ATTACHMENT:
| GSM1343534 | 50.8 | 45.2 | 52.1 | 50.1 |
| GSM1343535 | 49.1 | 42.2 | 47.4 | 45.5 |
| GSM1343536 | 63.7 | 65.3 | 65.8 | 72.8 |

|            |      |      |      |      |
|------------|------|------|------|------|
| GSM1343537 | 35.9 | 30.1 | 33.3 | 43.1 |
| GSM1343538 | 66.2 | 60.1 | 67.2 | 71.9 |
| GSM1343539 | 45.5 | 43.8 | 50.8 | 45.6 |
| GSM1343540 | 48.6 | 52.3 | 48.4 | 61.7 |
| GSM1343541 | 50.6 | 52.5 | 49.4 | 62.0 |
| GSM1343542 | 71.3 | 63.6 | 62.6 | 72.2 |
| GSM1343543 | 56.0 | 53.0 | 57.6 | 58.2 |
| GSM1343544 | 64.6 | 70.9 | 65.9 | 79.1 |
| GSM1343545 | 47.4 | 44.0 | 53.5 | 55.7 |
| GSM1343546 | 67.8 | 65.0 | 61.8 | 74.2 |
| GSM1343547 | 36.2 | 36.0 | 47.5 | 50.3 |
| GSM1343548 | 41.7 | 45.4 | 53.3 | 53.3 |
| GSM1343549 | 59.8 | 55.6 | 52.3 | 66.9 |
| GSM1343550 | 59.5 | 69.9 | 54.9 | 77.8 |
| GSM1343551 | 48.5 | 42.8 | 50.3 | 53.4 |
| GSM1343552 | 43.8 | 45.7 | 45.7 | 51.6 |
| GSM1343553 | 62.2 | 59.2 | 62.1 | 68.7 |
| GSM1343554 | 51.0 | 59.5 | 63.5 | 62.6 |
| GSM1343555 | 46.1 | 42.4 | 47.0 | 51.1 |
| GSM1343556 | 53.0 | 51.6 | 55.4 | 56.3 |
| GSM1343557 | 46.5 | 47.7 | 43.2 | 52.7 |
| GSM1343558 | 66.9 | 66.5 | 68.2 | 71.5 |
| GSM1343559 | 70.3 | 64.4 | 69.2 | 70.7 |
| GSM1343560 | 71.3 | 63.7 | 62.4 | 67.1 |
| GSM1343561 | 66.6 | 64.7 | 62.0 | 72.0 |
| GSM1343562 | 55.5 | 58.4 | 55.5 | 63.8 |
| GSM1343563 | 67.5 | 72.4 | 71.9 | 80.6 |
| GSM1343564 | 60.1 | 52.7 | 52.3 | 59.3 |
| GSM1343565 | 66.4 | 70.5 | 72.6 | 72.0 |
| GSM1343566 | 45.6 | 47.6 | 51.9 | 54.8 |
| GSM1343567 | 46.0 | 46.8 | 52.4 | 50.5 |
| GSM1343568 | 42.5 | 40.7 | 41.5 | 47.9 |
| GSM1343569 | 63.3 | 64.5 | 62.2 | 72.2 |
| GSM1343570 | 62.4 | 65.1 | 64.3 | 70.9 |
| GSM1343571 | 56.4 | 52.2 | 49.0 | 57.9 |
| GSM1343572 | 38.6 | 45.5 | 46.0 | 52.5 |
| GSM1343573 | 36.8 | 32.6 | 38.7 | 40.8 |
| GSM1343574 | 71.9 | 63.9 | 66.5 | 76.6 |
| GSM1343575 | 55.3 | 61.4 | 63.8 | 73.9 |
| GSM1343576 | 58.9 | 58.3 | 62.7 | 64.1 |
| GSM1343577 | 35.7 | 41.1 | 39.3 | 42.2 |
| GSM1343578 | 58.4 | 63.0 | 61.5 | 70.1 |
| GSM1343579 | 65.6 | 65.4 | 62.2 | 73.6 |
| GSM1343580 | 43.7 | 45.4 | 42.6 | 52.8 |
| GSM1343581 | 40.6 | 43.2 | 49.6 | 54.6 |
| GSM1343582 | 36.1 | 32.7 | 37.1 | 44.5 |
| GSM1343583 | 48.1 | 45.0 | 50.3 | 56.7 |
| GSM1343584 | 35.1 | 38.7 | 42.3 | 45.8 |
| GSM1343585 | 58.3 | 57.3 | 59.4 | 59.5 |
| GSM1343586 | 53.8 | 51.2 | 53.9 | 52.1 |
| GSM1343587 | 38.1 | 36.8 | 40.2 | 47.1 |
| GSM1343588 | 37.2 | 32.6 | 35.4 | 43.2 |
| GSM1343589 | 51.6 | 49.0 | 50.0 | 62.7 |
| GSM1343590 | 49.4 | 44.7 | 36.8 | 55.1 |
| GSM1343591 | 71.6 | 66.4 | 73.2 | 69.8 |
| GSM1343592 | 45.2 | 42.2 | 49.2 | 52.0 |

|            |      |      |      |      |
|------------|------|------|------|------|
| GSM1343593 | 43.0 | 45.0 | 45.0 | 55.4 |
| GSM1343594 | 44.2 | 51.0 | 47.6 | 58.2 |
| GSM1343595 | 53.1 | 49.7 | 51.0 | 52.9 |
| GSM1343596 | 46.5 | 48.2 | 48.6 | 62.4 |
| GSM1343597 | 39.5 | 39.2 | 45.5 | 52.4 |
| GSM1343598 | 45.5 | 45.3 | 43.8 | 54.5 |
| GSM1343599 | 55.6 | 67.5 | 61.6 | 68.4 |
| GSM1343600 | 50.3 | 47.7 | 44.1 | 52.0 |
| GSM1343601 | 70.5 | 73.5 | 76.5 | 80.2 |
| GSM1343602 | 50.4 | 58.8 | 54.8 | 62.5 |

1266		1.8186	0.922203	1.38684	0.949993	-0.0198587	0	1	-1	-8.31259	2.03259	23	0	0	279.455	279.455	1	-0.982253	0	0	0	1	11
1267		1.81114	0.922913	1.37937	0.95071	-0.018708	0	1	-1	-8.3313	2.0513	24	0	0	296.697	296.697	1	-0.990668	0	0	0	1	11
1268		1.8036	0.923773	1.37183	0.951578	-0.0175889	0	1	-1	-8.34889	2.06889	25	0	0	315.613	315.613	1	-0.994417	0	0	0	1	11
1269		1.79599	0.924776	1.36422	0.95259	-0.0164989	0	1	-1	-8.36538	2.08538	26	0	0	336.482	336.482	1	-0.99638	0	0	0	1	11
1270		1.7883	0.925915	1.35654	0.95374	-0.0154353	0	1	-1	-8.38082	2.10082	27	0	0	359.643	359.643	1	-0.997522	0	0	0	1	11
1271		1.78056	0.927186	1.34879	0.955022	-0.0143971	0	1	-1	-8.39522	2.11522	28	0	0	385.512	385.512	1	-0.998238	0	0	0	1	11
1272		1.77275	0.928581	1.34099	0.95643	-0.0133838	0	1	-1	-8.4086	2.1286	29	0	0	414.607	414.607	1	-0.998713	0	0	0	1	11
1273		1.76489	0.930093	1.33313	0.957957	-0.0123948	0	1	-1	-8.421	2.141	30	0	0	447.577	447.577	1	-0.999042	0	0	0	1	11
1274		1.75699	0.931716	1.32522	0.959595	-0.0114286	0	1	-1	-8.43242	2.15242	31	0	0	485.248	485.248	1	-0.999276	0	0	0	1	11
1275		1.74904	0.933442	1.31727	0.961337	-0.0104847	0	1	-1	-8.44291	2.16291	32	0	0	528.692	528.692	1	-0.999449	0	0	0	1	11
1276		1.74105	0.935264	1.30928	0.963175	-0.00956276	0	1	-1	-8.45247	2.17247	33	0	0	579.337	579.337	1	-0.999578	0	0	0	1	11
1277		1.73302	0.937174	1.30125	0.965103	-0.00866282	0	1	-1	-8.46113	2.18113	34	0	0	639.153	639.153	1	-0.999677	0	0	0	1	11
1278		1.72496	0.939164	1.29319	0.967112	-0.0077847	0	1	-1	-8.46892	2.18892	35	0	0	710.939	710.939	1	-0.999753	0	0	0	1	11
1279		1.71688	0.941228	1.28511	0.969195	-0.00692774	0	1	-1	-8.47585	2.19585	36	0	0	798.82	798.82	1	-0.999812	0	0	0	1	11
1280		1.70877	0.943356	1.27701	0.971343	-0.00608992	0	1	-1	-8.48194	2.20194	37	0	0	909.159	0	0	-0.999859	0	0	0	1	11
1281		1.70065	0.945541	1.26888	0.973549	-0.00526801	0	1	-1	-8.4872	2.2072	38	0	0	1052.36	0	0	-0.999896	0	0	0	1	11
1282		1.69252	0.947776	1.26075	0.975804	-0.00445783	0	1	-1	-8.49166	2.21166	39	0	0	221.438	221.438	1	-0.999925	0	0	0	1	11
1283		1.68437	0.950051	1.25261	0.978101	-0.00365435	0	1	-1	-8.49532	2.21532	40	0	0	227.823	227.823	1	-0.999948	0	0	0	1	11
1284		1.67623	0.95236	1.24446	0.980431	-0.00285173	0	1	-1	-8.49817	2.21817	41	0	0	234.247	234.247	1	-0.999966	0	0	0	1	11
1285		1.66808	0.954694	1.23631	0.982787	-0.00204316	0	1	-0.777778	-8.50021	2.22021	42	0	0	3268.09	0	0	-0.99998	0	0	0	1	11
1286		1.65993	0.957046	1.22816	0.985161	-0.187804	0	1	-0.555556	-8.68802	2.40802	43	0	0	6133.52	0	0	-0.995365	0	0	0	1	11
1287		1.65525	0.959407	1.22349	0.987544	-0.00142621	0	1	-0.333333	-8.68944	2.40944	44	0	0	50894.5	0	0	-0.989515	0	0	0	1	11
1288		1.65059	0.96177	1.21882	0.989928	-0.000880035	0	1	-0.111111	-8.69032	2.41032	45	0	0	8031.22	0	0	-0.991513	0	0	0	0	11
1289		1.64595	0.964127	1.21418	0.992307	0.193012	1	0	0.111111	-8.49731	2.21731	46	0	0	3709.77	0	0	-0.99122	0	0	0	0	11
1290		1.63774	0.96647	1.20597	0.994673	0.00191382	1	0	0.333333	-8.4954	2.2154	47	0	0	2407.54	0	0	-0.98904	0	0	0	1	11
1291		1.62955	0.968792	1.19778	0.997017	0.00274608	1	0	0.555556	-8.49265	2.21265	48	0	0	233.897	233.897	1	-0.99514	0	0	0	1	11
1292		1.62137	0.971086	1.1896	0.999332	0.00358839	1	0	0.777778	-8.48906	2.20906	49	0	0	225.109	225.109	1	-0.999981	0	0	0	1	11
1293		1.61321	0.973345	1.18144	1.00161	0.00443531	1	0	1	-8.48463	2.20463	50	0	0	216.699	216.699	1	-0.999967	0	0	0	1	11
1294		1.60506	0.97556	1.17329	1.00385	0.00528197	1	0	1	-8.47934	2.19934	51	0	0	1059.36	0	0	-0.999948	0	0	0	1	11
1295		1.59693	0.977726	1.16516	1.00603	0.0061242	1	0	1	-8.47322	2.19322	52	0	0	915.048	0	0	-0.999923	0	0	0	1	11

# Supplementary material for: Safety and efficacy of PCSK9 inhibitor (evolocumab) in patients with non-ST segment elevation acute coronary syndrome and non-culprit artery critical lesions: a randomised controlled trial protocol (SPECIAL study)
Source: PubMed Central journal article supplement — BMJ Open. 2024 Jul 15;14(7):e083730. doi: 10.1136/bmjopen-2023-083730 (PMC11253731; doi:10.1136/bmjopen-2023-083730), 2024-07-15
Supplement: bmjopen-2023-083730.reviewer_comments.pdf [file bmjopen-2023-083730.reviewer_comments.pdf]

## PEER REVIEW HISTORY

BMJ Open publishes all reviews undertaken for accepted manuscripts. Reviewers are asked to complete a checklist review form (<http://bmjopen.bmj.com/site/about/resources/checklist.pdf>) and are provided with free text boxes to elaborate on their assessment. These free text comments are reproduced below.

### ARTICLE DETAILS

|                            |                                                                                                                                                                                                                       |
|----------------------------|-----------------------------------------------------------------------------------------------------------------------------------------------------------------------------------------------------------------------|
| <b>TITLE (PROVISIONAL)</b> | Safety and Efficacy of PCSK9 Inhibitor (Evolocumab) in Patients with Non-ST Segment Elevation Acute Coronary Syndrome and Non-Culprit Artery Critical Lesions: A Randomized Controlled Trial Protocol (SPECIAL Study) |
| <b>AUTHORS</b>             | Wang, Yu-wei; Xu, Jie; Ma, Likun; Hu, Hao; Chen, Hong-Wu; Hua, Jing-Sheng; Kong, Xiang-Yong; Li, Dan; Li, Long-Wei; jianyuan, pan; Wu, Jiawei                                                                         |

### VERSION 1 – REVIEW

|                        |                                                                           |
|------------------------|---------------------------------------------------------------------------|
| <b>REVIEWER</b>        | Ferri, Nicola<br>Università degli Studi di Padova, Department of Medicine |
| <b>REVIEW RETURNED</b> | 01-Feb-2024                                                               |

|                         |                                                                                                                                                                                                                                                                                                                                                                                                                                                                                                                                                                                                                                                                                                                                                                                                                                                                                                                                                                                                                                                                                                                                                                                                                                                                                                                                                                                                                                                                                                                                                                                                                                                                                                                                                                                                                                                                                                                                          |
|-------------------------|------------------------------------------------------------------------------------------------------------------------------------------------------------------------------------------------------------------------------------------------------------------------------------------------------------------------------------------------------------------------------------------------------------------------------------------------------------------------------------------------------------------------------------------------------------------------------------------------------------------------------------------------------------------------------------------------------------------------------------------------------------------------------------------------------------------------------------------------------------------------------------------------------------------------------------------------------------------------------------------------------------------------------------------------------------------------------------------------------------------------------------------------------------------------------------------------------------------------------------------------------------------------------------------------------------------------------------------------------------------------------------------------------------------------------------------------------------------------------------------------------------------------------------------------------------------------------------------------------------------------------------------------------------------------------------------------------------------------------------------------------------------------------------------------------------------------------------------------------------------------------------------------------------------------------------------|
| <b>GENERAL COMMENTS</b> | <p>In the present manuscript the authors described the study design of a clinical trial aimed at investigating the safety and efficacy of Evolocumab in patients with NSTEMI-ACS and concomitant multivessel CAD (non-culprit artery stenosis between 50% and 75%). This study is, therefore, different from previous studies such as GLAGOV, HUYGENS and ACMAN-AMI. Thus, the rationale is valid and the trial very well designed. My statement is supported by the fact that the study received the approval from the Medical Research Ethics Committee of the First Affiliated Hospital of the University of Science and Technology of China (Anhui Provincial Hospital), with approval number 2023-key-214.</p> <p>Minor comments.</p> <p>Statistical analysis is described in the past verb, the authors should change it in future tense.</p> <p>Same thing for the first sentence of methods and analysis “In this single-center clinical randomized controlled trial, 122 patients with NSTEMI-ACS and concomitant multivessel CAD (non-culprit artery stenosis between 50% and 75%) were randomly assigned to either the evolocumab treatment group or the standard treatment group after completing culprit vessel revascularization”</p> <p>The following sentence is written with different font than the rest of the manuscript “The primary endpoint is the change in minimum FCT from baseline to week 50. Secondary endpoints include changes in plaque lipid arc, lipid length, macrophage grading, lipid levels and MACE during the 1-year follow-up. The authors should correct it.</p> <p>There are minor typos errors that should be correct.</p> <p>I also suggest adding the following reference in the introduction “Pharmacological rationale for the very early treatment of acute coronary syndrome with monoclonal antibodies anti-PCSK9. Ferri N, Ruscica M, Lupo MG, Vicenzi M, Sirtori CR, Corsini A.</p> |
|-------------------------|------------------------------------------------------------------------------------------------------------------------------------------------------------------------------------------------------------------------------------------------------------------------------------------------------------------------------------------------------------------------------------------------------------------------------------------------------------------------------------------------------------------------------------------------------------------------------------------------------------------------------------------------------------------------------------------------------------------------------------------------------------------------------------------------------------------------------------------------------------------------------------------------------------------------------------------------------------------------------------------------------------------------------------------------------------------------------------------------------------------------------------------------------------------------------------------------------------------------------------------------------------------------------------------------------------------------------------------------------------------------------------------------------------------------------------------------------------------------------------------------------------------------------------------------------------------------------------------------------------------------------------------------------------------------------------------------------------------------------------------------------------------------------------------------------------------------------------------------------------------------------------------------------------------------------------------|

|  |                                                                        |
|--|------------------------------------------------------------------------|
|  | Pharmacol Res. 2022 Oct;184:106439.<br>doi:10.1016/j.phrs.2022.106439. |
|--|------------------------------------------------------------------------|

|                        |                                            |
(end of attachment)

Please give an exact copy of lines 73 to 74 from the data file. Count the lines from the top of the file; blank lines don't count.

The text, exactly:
| GSM1343602 | 50.4 | 58.8 | 54.8 | 62.5 |

1266		1.8186	0.922203	1.38684	0.949993	-0.0198587	0	1	-1	-8.31259	2.03259	23	0	0	279.455	279.455	1	-0.982253	0	0	0	1	11